Windows 8 Immersive looks like Origami 3.0

As screenshots from Windows 8 circulate around the ‘net (round-up at Notebooks.com), I feel as if I am unable to appreciate the new elements being introduced because I’ve seen them before. They were already introduced five years ago. By Microsoft. On tablets. What’s being called “Immersive”, I call Origami 3.0.

For those who don’t know, Origami was a delightful user interface overlay from Microsoft that attempted to make UMPCs more touch-friendly. It included a tiled interface to quickly access PIM data, such as calendar and contacts, and messages, such as email, not to mention things like weather and notes. The web browser launched fullscreen and had a single bar of navigation and control buttons. In other words, it had all the stuff that we’re now hearing about in Windows 8.

This side-by-side shot of the web browsers shows the nav bar cleaned up and moved to the bottom.

Here you can see the original tile interface in Origami, a clear precursor to the Metro interface.

If Microsoft went back to the drawing board on Windows 8 tablets, well, they didn’t go back to a clean one.

Don’t get me wrong. I sincerely believe Microsoft can and will improve upon the original Origami Experience. But here’s the thing: why exactly should I believe this tablet strategy will succeed this time? It worked so well the first time that Microsoft killed off the project two years ago after a 2.0 release for Vista and never updated it for Windows 7. You might have read this through Origami 3.0 if not for that. I might have written this through Origami 3.0 if not for that. What part of that would inspire me to believe that a tile-based “immersive” interface will make Windows 8 a success on tablets? That’s the question not being answered for me as Microsoft pursues their “insane” tablet strategy. I’d be happy to get Origami 3.0 in Windows 8, but I’ve already been using Windows tablets. Where’s the draw for everyone else?

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Comments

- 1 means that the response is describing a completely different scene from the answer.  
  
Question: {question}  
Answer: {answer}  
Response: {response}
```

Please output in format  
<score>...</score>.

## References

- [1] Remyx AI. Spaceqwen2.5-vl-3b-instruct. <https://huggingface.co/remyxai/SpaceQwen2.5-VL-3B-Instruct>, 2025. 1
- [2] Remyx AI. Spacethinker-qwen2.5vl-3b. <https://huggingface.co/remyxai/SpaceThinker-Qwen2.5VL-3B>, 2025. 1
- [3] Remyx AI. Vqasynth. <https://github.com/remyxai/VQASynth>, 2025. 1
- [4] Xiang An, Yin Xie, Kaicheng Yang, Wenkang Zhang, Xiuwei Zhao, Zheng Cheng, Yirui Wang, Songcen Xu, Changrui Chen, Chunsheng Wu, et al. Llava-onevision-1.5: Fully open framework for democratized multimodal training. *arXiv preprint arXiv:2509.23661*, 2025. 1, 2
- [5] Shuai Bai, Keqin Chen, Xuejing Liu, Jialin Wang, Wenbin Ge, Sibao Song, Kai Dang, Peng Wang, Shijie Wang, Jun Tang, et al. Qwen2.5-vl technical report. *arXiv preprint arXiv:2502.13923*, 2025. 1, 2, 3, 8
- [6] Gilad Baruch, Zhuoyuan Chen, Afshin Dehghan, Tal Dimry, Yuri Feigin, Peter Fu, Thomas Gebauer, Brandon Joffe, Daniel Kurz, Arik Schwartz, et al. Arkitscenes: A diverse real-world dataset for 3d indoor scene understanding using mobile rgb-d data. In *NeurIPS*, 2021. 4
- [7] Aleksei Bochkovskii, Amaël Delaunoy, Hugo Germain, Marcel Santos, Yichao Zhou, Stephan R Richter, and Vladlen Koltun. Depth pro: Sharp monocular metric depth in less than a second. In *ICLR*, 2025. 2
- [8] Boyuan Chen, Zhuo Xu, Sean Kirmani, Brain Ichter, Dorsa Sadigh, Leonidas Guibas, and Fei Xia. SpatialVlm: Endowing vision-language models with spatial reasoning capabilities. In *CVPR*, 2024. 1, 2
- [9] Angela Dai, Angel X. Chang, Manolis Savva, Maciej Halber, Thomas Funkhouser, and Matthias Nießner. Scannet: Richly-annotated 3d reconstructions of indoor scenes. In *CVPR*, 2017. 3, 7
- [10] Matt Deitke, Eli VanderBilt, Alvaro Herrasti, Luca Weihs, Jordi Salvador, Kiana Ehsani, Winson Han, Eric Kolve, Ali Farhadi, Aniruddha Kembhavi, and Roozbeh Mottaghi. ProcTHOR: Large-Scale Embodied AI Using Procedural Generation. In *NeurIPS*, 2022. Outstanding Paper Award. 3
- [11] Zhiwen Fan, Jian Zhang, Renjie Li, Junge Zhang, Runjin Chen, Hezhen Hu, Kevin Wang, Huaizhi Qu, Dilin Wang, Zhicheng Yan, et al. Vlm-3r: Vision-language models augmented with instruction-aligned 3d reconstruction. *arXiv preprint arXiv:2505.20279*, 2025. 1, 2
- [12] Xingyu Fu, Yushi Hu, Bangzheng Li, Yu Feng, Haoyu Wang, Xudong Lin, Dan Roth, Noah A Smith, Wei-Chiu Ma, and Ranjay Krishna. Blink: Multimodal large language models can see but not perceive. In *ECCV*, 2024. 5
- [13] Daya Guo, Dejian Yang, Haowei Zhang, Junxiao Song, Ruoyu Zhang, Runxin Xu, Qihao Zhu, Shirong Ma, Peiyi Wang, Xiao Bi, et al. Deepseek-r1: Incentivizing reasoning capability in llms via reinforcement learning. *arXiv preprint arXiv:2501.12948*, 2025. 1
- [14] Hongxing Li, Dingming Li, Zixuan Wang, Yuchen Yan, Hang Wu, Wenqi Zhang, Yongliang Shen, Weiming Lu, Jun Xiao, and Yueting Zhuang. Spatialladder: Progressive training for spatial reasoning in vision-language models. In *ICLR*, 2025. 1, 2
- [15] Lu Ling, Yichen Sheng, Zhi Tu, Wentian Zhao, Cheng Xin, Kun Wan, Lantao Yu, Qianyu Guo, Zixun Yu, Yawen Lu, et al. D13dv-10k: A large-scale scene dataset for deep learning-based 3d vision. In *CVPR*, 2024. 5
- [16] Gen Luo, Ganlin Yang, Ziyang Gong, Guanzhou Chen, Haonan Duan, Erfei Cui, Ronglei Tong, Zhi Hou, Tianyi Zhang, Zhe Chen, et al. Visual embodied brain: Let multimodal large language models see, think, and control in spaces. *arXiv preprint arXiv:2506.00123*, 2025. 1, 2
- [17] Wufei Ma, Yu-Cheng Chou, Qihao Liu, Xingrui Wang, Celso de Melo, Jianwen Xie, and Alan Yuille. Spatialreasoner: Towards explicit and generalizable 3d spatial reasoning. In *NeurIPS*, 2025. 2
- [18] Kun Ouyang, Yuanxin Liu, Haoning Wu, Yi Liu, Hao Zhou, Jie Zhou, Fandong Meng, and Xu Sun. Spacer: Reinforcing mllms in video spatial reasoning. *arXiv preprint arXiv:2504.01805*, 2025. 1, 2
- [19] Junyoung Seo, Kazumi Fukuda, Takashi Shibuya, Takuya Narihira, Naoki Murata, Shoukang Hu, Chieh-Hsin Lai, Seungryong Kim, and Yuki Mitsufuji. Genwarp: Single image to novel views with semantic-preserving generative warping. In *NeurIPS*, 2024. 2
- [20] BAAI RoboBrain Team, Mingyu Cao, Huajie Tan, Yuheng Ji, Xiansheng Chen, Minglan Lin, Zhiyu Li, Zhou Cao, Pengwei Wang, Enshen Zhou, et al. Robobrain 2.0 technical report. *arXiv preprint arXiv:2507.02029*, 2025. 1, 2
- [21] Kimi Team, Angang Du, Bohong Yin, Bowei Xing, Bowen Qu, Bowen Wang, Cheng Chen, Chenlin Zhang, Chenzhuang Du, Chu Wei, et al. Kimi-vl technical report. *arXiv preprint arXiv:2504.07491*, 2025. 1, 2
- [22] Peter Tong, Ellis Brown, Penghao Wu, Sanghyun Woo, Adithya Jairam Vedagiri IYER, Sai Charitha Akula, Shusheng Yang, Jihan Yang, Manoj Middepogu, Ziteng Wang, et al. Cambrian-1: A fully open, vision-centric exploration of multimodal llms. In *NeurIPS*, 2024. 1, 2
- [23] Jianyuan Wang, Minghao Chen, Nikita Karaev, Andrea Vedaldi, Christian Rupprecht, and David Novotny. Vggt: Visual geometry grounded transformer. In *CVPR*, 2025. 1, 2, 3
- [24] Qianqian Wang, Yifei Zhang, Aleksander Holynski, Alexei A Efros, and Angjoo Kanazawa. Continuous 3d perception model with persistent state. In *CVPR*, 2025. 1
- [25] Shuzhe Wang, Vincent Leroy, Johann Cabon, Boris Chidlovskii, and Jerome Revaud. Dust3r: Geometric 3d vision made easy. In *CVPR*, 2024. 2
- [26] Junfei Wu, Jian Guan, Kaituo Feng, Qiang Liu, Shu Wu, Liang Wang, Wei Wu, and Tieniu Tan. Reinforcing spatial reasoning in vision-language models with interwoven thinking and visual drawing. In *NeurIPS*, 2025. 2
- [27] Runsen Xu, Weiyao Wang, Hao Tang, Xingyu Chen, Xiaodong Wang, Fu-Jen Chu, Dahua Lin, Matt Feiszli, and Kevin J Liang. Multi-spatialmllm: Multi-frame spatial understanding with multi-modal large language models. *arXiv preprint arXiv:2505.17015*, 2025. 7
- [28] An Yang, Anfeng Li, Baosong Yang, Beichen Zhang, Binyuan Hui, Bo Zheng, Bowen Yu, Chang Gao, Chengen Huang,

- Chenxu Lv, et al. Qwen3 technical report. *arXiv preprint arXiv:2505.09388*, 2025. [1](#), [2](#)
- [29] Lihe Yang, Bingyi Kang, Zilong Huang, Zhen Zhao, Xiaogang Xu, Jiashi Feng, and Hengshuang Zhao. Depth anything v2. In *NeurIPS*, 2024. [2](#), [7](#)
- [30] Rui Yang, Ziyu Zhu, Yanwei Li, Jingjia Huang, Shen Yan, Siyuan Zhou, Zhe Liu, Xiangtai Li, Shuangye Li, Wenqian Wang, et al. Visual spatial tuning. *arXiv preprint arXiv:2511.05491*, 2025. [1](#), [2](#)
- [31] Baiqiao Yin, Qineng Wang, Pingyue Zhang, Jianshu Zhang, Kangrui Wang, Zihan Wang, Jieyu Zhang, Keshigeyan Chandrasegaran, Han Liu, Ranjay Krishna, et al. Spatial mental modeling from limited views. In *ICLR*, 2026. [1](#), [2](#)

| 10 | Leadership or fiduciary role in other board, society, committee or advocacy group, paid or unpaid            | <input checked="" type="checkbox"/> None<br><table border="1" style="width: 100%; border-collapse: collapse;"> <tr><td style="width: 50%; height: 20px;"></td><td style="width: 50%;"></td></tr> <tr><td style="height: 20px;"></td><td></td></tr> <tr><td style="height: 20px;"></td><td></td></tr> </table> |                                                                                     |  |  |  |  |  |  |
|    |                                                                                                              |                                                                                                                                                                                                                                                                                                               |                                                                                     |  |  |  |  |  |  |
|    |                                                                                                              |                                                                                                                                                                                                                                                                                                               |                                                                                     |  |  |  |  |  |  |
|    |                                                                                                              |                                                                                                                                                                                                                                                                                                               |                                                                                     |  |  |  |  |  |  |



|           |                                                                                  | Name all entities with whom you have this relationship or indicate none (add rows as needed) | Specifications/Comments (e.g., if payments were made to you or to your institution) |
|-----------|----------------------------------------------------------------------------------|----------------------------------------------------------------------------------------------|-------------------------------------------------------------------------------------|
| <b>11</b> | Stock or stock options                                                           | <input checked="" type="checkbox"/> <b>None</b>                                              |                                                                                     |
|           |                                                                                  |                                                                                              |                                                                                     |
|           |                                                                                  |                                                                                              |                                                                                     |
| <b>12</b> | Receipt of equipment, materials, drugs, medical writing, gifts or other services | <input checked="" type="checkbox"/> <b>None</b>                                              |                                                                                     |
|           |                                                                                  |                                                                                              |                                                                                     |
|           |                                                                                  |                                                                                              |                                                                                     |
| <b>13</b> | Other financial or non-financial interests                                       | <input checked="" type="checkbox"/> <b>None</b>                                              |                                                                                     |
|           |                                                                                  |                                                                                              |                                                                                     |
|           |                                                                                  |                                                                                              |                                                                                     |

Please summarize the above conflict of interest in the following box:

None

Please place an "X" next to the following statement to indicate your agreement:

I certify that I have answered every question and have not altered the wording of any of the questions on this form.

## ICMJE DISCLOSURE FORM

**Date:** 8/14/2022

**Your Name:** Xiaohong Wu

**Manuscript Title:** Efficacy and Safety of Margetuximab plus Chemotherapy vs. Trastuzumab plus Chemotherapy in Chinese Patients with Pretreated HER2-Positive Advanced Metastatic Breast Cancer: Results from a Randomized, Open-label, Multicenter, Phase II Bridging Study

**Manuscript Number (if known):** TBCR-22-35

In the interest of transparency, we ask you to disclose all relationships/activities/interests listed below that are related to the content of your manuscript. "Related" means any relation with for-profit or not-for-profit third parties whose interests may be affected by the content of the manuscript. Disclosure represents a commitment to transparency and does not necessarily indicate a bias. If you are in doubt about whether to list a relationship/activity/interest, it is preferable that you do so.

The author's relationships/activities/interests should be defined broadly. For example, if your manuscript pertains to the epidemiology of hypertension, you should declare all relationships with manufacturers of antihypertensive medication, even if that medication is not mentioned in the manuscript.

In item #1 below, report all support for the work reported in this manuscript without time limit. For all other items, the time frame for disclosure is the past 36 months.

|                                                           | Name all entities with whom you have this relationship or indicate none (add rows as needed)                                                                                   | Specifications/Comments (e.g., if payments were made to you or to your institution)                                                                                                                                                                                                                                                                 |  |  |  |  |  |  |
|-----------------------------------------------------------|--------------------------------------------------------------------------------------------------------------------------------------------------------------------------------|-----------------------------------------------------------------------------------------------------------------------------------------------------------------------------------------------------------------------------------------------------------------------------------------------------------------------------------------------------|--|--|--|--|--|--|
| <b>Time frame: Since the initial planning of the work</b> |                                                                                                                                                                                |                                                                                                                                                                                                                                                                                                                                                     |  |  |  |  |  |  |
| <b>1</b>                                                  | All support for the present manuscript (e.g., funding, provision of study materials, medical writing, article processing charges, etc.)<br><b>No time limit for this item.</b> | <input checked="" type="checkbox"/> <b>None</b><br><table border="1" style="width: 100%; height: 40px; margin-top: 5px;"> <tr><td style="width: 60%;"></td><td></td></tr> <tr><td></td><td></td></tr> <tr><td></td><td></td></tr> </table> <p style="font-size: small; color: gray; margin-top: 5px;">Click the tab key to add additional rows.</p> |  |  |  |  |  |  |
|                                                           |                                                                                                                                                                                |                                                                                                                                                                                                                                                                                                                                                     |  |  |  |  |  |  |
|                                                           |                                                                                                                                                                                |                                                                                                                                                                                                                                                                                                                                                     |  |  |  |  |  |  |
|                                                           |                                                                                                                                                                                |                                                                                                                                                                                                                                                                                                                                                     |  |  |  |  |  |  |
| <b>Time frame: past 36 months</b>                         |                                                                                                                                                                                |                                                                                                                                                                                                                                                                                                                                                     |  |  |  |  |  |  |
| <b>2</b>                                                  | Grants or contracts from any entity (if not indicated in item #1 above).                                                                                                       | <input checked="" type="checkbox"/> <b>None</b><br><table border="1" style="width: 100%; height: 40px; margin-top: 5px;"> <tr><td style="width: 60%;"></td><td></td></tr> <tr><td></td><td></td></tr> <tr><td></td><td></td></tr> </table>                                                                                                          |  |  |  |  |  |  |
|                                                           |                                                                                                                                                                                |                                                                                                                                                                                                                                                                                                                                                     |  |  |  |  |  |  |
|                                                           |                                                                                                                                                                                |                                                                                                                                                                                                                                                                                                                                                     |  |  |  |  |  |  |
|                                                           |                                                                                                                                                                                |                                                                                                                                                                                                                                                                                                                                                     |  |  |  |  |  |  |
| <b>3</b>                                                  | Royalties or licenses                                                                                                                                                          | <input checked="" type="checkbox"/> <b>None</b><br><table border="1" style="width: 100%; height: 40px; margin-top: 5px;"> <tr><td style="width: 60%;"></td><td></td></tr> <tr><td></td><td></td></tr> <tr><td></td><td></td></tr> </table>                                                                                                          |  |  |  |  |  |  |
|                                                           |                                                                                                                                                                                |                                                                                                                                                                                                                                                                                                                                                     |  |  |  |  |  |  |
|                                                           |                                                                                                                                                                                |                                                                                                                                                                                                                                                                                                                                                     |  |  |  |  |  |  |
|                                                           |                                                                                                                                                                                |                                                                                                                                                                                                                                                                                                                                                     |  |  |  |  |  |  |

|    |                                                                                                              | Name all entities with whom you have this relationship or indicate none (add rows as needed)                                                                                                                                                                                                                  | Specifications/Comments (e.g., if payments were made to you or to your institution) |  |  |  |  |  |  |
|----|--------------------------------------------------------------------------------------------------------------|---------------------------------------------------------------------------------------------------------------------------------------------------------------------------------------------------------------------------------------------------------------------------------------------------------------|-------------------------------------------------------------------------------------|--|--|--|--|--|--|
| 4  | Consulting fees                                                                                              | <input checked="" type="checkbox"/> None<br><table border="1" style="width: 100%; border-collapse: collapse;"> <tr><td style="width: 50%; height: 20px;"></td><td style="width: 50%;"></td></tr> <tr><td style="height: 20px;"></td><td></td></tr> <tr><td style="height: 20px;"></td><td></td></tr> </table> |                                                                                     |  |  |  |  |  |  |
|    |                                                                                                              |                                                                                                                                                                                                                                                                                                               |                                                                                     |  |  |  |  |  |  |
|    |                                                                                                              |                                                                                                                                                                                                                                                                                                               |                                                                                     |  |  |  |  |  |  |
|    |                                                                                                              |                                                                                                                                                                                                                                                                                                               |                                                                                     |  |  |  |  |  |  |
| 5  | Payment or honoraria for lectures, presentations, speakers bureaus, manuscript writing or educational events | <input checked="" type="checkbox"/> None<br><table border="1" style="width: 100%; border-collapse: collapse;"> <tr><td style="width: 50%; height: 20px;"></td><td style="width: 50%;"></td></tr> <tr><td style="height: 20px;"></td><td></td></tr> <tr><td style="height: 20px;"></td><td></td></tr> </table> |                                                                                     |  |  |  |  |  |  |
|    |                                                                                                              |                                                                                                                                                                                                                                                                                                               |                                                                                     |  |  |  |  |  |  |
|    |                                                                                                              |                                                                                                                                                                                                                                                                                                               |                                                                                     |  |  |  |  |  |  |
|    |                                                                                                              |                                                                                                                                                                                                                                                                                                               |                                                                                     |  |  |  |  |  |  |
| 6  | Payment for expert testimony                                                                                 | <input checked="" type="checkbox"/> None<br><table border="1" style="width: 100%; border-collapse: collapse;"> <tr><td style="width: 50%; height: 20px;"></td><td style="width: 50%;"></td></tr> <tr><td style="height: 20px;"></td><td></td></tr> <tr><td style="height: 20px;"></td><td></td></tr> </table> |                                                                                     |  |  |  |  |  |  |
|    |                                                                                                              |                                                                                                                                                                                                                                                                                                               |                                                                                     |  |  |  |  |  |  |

1. Vieya says

    they never said it would make it successful. I believe they could update it which would be nice but if they are doing an overlay either way it would not work in a tablet environment. The desktop WITH the overlay just makes it even more slugish.

  2. JJShearer says

    I dont think it looks that much like Origami, It is the Metro UI that they have been using on Zune for a while now. If you look into detail at the origami UI then you would notice that it really looks nothing like Metro,. I think you are definitely too quick to jump the gun on this one

  3. GoodThings2Life says

    Sumocat, in addition to the comments above, I’d also remind you that it nearly always takes Microsoft 3 major attempts to get things “right”.

    • Anonymous says

      They have to ease lazy, whiny, stubborn developers (internal ones too) into things or be pilloried (and probably Class Actioned) for trying to make changes that are too radical all at once.

      I refuse to believe that they don’t have 1000 worker bees saying the same things that we say all the time. Those worker bees are then vetoed (if they even got a vote) by Legal and scared Management.

  4. Han says

    Because they tried to push slates/tablets before its time came. The power saving CPUs, the large and cheap SSD hard drives, multi-touch technology, etc. The last couple of years was the perfect storm for that kind of stuff. Not 5-10 years ago.

    • Anonymous says

      Correct. Now is the time to strike.

      They need to push manufacturers to make the 1280×1024 or 1152×864 thin tablet I’m wanting. 8.9 inches please, thank you.

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